Top 20 Directors to Watch, with Recommended Films (in Alphabetical Order):

  1. Ari Aster (Hereditary, Midsommar)
  2. Damien Chazelle (Whiplash, La La Land)
  3. Ryan Coogler (Fruitvale Station, Creed, Black Panther)
  4. Ava Duvernay (Selma, 13th [doc], When They See Us [TV])
  5. Asghar Farhadi (A Separation, The Salesman)
  6. Alex Garland (Ex Machina, Annihilation, Devs [TV])
  7. Greta Gerwig (Lady Bird, Little Women)
  8. Debra Granik (Winter’s Bone, Leave No Trace)
  9. Andrew Haigh (Weekend, 45 Years, Lean on Pete)
  10. Barry Jenkins (Moonlight, If Beale Street Could Talk)
  11. Kent Jones (Hitchcock/Truffaut [doc], Diane)
  12. Jennifer Kent (The Babadook, The Nightingale)
  13. Hirokazu Kore-eda (Like Father Like Son, Our Little Sister, Shoplifters)
  14. Steve Mc Queen (Hunger, Shame, 12 Years a Slave, Widows)
  15. Jordan Peele (Get Out, Us)
  16. Jesse Peretz (Our Idiot Brother, Juliet Naked)
  17. Celine Sciamma (Girlhood, Portrait of a Lady on Fire)
  18. Denis Villeneuve (Prisoners, Sicario, Arrival, Blade Runner 2049)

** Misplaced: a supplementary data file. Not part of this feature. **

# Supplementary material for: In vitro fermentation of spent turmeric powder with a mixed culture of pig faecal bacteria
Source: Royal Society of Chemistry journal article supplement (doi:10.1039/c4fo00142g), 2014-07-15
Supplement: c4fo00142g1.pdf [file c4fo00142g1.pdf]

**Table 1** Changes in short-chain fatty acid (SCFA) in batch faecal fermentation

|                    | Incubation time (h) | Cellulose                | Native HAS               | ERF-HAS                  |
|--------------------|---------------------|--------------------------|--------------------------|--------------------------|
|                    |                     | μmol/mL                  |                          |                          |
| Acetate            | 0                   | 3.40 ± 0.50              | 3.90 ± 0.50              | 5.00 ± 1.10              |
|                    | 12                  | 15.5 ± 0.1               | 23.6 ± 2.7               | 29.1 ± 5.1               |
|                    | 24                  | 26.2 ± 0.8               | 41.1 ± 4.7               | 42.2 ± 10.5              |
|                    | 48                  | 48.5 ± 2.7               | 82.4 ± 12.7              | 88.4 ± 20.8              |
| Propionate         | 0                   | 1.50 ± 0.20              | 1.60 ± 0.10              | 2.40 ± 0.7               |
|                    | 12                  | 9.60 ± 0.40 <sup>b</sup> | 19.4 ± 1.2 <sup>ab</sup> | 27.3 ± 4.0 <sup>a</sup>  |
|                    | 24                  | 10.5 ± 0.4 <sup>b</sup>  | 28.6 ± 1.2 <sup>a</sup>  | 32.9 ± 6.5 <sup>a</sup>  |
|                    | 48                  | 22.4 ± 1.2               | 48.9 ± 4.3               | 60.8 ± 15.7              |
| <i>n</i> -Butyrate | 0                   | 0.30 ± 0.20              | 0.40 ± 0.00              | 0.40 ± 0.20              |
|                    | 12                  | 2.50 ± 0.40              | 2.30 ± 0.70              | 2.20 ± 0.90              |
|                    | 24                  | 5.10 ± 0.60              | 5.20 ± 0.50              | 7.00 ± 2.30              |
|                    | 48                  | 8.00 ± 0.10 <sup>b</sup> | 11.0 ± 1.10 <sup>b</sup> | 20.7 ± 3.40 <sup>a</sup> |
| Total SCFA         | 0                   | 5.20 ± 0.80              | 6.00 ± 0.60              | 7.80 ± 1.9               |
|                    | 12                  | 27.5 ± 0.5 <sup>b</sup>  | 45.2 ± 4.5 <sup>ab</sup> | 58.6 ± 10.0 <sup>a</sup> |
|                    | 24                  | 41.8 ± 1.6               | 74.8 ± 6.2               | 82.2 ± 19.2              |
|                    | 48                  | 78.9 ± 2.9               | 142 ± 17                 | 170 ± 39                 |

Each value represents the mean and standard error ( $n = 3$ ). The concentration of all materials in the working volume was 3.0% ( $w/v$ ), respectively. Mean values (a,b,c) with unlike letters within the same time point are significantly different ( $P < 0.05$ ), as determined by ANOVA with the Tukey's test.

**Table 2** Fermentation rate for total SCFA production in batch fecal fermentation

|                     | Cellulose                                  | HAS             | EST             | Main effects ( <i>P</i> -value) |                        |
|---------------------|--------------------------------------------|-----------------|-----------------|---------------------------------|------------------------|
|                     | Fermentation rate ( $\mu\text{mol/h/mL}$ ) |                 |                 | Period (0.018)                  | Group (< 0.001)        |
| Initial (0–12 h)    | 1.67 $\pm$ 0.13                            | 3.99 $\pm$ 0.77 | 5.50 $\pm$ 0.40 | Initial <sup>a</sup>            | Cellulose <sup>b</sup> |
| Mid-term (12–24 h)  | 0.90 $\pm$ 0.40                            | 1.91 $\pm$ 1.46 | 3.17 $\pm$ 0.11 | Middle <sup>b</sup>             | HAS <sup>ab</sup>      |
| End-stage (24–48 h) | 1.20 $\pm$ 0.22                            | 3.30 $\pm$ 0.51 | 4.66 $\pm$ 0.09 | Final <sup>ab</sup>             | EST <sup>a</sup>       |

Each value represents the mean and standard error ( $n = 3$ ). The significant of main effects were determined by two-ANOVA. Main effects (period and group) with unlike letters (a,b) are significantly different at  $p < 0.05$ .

19. Olivia Wilde (Booksmart)
  20. Chloe Zhao (Songs My Brother Taught Me, The Rider)

Vintage Sand Episode 20 on SoundCloud


Episode 19: The Best of the 2010’s Part II: #’s 5-1 (March 2020)

Image result for malick tree of life

Well, Vintage Sand listeners, we’ve reached the top. Join us at the summit, where the air is thin and the trees are stubby, as John, Michael and Josh take you through their five favorite films of the decade recently ended. Some real surprises, some total non-surprises, and an overall sense that the early reports of the death of Film-with-a-capital-“F” were a bit premature. Seize the moments, or let the moments seize you!

Josh’s Complete List

1. Boyhood (Richard Linklater, 2014)

2. The Tree of Life (Terrence Malick, 2011)

3. Winter’s Bone (Debra Granik, 2010)

4. Get Out (Jordan Peele, 2017)

5. La La Land (Damien Chazelle, 2017)

6. Inside Llewyn Davis (Coen Brothers, 2013)

7. The Grand Budapest Hotel (Wes Anderson, 2014)

8. Her (Spike Jonze, 2013)

9. Carol (Todd Haynes, 2015)

10. Blade Runner 2049 (Denis Villeneuve, 2017)